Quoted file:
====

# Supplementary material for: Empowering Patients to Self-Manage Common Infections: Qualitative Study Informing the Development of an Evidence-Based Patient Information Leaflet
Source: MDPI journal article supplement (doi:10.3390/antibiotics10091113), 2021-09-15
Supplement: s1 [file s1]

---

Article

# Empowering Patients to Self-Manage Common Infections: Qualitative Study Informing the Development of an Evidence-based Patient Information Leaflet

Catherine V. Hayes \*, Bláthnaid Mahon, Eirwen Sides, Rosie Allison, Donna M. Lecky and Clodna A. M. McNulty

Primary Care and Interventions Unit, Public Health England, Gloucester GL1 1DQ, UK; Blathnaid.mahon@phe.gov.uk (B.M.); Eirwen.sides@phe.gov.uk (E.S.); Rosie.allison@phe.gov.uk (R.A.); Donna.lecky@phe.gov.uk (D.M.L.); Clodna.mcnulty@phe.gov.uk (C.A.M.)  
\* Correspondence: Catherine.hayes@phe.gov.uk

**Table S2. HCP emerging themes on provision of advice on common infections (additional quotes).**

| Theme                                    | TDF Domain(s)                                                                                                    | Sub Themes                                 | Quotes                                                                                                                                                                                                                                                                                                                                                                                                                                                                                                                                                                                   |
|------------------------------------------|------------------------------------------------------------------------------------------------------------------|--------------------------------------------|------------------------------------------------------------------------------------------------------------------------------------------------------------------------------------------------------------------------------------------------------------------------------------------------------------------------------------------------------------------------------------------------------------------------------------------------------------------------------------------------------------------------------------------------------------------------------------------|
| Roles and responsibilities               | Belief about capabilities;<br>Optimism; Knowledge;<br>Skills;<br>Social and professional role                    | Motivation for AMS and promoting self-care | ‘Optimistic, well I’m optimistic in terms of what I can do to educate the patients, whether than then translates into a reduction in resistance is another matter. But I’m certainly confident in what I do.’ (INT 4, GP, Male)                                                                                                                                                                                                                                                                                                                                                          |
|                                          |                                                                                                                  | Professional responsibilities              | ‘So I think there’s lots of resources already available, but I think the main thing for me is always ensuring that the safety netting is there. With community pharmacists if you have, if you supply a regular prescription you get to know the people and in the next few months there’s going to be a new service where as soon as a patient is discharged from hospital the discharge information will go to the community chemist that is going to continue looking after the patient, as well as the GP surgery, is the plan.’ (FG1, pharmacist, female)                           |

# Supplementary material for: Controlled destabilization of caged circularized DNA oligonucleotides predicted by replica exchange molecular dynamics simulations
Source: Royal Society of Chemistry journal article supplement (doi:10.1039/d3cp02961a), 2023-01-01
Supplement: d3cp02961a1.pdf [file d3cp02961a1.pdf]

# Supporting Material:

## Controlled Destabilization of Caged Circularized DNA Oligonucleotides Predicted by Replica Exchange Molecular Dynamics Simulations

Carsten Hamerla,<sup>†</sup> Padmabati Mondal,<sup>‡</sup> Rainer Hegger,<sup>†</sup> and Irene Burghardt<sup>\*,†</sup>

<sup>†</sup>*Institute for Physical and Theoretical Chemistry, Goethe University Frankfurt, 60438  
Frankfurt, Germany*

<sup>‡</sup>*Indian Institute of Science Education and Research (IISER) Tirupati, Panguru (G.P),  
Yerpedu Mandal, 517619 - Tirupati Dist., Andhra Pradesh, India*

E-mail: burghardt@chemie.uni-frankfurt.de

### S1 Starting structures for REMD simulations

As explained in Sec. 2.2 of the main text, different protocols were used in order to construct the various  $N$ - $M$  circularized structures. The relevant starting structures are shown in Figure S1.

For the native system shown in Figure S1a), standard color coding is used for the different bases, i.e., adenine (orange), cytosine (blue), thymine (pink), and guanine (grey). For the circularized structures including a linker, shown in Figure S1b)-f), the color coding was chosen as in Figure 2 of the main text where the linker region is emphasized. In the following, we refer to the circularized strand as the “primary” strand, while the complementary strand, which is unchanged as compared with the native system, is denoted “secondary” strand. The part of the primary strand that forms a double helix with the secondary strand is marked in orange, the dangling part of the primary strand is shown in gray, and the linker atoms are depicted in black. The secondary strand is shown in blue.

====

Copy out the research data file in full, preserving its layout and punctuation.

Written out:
# Supplementary material for: Empowering Patients to Self-Manage Common Infections: Qualitative Study Informing the Development of an Evidence-Based Patient Information Leaflet
Source: MDPI journal article supplement (doi:10.3390/antibiotics10091113), 2021-09-15
Supplement: s1 [file s1]

---

Article

# Empowering Patients to Self-Manage Common Infections: Qualitative Study Informing the Development of an Evidence-based Patient Information Leaflet

Catherine V. Hayes \*, Bláthnaid Mahon, Eirwen Sides, Rosie Allison, Donna M. Lecky and Clodna A. M. McNulty

Primary Care and Interventions Unit, Public Health England, Gloucester GL1 1DQ, UK; Blathnaid.mahon@phe.gov.uk (B.M.); Eirwen.sides@phe.gov.uk (E.S.); Rosie.allison@phe.gov.uk (R.A.); Donna.lecky@phe.gov.uk (D.M.L.); Clodna.mcnulty@phe.gov.uk (C.A.M.)  
\* Correspondence: Catherine.hayes@phe.gov.uk

**Table S2. HCP emerging themes on provision of advice on common infections (additional quotes).**

| Theme                                    | TDF Domain(s)                                                                                                    | Sub Themes                                 | Quotes                                                                                                                                                                                                                                                                                                                                                                                                                                                                                                                                                                                   |
|------------------------------------------|------------------------------------------------------------------------------------------------------------------|--------------------------------------------|------------------------------------------------------------------------------------------------------------------------------------------------------------------------------------------------------------------------------------------------------------------------------------------------------------------------------------------------------------------------------------------------------------------------------------------------------------------------------------------------------------------------------------------------------------------------------------------|
| Roles and responsibilities               | Belief about capabilities;<br>Optimism; Knowledge;<br>Skills;<br>Social and professional role                    | Motivation for AMS and promoting self-care | ‘Optimistic, well I’m optimistic in terms of what I can do to educate the patients, whether than then translates into a reduction in resistance is another matter. But I’m certainly confident in what I do.’ (INT 4, GP, Male)                                                                                                                                                                                                                                                                                                                                                          |
|                                          |                                                                                                                  | Professional responsibilities              | ‘So I think there’s lots of resources already available, but I think the main thing for me is always ensuring that the safety netting is there. With community pharmacists if you have, if you supply a regular prescription you get to know the people and in the next few months there’s going to be a new service where as soon as a patient is discharged from hospital the discharge information will go to the community chemist that is going to continue looking after the patient, as well as the GP surgery, is the plan.’ (FG1, pharmacist, female)                           |

# Supplementary material for: Controlled destabilization of caged circularized DNA oligonucleotides predicted by replica exchange molecular dynamics simulations
Source: Royal Society of Chemistry journal article supplement (doi:10.1039/d3cp02961a), 2023-01-01
Supplement: d3cp02961a1.pdf [file d3cp02961a1.pdf]

# Supporting Material:

## Controlled Destabilization of Caged Circularized DNA Oligonucleotides Predicted by Replica Exchange Molecular Dynamics Simulations

Carsten Hamerla,<sup>†</sup> Padmabati Mondal,<sup>‡</sup> Rainer Hegger,<sup>†</sup> and Irene Burghardt<sup>\*,†</sup>

<sup>†</sup>*Institute for Physical and Theoretical Chemistry, Goethe University Frankfurt, 60438  
Frankfurt, Germany*

<sup>‡</sup>*Indian Institute of Science Education and Research (IISER) Tirupati, Panguru (G.P),  
Yerpedu Mandal, 517619 - Tirupati Dist., Andhra Pradesh, India*

E-mail: burghardt@chemie.uni-frankfurt.de

### S1 Starting structures for REMD simulations

As explained in Sec. 2.2 of the main text, different protocols were used in order to construct the various  $N$ - $M$  circularized structures. The relevant starting structures are shown in Figure S1.

For the native system shown in Figure S1a), standard color coding is used for the different bases, i.e., adenine (orange), cytosine (blue), thymine (pink), and guanine (grey). For the circularized structures including a linker, shown in Figure S1b)-f), the color coding was chosen as in Figure 2 of the main text where the linker region is emphasized. In the following, we refer to the circularized strand as the “primary” strand, while the complementary strand, which is unchanged as compared with the native system, is denoted “secondary” strand. The part of the primary strand that forms a double helix with the secondary strand is marked in orange, the dangling part of the primary strand is shown in gray, and the linker atoms are depicted in black. The secondary strand is shown in blue.